Horses

By MATTHEW GELLMAN

 

Sitting in her mother’s white wooden chair

my mother eyes me up and down, tells me

the medication I’m taking is making me fat

but yes, I know you need it. Like lipstick

smudged on a glass, she studies my hairline,

my father’s nose. I will never be her daughter.

I will always be her almost-beautiful son.

But as she stands to dump wine in the sink

and the flurry outside morphs into blizzard,

how could she know that my mind’s shaved horses

are out stampeding again. How could she know

that when I see them each night, in a dripping

brocade of meadow, I learn again how pain

becomes easy when administered by so much beauty,

how the sandhills draped in locusts step off

into silence before they step into madness,

how the goathead tied to the alder

no longer needs to have a body to sing.

How the landscape assembles itself

as if it were real, because it wants to be real,

how the body tries and tries and tries

to attach to the flowering hook of the sun,

and the horses don’t sit with me, they don’t

tell me anything. They carry me out to the lake

and they trample me down in the water

until they know I am finally still.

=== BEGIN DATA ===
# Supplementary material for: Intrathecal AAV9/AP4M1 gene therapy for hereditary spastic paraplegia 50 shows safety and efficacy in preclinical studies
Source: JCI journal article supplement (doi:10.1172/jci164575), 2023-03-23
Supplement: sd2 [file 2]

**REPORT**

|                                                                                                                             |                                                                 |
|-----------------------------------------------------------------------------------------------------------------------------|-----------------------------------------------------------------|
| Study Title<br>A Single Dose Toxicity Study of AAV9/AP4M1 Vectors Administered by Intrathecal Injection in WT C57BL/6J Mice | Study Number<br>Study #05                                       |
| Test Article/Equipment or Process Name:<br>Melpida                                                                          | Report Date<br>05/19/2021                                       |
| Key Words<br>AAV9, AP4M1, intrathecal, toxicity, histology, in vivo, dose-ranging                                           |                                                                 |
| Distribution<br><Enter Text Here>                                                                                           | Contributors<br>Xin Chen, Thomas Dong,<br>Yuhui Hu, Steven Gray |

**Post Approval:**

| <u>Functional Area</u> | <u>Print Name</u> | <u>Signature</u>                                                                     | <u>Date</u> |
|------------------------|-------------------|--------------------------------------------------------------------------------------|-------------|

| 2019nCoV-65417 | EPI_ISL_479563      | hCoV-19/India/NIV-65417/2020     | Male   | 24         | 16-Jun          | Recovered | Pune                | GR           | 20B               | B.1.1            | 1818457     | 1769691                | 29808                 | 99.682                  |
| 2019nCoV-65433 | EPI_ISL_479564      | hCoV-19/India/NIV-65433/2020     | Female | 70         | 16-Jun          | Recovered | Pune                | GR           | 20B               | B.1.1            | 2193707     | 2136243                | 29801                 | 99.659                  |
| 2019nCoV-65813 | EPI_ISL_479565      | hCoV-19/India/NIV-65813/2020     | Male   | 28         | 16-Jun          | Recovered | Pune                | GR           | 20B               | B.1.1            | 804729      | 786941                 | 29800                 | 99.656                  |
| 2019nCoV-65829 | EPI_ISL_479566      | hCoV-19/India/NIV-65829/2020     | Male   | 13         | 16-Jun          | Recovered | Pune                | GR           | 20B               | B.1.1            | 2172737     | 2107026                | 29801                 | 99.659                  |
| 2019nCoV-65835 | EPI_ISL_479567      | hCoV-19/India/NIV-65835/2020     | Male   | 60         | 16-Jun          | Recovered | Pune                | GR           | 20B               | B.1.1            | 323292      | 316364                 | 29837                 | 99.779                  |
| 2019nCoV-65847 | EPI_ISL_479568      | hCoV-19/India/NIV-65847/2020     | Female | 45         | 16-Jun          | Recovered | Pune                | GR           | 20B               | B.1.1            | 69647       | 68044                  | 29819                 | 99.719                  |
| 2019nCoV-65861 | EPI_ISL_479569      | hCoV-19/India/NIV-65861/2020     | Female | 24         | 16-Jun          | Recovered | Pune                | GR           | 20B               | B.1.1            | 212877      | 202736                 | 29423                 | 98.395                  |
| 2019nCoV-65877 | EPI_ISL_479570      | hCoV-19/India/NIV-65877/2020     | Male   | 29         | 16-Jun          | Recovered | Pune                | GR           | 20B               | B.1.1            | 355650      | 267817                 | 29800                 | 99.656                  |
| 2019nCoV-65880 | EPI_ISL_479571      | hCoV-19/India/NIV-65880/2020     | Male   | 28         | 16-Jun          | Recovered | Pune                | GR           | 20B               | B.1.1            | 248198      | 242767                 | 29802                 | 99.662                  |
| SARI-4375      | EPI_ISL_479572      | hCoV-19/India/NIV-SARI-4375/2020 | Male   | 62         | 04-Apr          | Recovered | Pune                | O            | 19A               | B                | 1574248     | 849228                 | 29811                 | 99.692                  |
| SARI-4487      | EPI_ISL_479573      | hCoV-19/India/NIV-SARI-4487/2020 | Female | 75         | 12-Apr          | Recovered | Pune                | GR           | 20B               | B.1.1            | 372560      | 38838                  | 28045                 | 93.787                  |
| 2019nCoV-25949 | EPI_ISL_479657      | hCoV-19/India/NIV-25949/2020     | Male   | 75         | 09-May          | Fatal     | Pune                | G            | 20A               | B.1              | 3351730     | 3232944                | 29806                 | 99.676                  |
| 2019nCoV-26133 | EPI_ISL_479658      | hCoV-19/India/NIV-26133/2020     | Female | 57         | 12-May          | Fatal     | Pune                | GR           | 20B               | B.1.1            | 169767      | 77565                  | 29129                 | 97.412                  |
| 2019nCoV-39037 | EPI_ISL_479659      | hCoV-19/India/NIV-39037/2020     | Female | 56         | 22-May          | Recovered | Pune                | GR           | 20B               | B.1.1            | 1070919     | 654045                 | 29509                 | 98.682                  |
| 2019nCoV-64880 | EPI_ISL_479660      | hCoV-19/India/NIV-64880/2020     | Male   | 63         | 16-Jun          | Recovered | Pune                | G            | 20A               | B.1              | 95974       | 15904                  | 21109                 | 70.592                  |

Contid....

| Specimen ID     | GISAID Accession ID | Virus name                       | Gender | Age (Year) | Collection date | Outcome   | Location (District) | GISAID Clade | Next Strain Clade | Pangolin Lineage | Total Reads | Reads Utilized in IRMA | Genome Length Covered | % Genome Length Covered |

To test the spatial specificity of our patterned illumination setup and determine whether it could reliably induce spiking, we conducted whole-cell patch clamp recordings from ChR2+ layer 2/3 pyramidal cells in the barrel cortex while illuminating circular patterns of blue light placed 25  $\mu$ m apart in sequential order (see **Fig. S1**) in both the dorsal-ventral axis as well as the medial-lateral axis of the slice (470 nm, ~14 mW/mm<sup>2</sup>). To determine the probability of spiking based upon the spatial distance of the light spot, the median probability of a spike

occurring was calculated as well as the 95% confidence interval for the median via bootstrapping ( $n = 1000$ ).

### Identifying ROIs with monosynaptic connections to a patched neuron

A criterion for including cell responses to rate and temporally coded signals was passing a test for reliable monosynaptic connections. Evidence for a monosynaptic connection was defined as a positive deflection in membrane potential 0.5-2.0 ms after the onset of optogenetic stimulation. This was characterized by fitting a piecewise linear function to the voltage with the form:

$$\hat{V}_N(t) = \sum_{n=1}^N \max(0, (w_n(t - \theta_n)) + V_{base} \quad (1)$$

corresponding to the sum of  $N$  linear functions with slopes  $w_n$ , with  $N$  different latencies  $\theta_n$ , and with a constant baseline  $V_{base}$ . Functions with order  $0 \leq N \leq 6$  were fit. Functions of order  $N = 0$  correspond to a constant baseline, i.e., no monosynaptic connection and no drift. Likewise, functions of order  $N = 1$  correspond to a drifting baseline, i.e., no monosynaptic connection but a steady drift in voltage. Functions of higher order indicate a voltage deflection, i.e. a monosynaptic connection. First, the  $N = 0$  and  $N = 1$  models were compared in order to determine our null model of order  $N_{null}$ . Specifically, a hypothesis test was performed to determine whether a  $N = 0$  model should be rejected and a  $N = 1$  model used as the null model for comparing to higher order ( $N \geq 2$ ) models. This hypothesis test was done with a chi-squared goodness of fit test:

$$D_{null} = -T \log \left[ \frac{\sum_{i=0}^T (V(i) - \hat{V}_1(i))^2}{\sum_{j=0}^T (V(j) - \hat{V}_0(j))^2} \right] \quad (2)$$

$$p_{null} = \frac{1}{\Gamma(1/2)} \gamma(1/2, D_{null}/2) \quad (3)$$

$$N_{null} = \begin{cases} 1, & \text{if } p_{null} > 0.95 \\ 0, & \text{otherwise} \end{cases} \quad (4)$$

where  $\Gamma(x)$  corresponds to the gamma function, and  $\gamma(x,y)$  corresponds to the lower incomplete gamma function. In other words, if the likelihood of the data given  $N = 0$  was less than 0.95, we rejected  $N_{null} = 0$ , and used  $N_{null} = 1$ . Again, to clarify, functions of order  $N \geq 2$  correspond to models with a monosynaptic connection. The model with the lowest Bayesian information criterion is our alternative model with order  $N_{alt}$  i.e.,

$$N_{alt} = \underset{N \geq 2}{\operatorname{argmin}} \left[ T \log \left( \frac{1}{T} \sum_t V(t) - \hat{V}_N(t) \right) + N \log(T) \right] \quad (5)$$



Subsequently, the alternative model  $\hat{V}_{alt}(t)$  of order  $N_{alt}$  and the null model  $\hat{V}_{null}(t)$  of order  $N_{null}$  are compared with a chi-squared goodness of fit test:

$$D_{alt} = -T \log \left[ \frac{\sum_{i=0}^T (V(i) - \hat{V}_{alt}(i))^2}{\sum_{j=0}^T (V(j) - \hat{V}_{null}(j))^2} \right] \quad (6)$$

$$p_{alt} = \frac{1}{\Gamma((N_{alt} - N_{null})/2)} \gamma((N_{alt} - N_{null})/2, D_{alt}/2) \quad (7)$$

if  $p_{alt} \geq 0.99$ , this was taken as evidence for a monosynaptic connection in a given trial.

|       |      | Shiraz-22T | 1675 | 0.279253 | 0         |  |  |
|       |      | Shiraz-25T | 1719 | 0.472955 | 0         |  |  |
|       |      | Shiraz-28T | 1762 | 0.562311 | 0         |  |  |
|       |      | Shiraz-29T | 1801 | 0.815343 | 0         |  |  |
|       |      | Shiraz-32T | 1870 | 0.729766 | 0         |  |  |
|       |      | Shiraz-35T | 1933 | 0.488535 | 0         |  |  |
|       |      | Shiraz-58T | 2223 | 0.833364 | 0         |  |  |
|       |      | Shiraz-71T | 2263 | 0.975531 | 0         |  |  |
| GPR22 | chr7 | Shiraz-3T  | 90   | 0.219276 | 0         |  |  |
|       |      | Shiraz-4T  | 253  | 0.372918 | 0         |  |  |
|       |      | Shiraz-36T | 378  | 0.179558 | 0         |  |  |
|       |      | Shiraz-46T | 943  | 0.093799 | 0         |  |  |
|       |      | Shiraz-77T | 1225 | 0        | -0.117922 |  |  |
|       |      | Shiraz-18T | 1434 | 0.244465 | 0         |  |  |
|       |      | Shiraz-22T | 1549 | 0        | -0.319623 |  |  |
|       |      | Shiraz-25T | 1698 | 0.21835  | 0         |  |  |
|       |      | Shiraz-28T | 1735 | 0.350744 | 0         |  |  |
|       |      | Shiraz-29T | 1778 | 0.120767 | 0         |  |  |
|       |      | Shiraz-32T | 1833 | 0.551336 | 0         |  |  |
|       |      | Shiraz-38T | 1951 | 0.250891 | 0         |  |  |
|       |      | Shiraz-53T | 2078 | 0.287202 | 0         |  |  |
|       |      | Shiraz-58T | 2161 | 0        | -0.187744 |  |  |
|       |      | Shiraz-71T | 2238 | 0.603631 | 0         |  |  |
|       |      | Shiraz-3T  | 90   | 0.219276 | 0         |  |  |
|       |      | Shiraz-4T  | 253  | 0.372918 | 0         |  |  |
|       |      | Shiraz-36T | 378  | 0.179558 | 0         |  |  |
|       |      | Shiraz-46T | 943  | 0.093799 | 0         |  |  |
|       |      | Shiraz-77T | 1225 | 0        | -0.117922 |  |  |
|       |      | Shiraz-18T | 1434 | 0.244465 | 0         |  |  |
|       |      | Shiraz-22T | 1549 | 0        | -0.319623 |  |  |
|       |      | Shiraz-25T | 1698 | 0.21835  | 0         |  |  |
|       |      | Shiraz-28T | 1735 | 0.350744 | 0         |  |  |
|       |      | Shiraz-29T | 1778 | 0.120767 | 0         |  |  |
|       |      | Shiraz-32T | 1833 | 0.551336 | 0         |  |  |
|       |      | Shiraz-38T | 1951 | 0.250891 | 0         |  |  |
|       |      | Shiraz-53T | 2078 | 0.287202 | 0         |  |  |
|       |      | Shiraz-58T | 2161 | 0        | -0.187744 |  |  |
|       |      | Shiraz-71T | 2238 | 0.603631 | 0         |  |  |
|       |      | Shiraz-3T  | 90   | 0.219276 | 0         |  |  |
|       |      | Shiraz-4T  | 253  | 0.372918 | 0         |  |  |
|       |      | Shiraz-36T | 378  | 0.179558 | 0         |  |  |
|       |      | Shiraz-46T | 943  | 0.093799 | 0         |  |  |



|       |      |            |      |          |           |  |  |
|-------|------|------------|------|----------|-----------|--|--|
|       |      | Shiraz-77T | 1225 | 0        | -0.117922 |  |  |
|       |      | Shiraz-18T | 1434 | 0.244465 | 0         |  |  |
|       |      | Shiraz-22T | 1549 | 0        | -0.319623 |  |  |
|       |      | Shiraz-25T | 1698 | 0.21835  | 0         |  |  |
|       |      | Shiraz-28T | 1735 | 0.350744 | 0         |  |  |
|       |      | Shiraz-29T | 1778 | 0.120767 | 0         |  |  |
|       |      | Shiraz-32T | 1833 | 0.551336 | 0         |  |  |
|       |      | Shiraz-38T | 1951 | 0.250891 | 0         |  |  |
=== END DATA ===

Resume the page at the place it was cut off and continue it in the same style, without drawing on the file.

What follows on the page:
Matthew Gellman poems are featured or forthcoming in Poetry Northwest, Narrative, Ninth Letter, Passages North, Lambda Literary’s Poetry Spotlight, The Cortland Review and elsewhere. He has received awards and fellowships from the New York State Summer Writers Institute, the Academy of American Poets and the Vermont Studio Center, and was awarded a Brooklyn Poets Fellowship in the fall of 2018. He was also included in Narrative’s “30 Below 30” list in 2018. Matthew holds an MFA from Columbia University and currently teaches at Hunter College. He lives in Brooklyn.

[Purchase Issue 17 here.]

Whitney BrunoHorses

Related Posts

Cover of Throw

Review of Throw: A Novel

JEN HINST-WHITE
If I offer you the words contemplative novel, you may not immediately picture—for example—someone getting stabbed in the leg with a pencil. You may not picture a tangle of high schoolers fighting and flirting, fueling rumors and throwing shade and roaming lowrider car shows.

image of street with buildings and fence

Immigrant Ditty

VLADIMIR GANDELSMAN
"Immigrant Ditty"
The sun goes down. The supermarket / floods with dead light. Now the gate / caws at you in the near darkness. / A not-so-magic key might blaze. / Can’t steal happiness, now, can you? / Win Lotto America! This, / as they call it, is a beeldeeng,

castle

Repeater

SIOBHAN LEDDY
There are many English towns just like it: rural, obscenely sentimentalized, a place where fox hunting enjoys popular support, but immigration does not.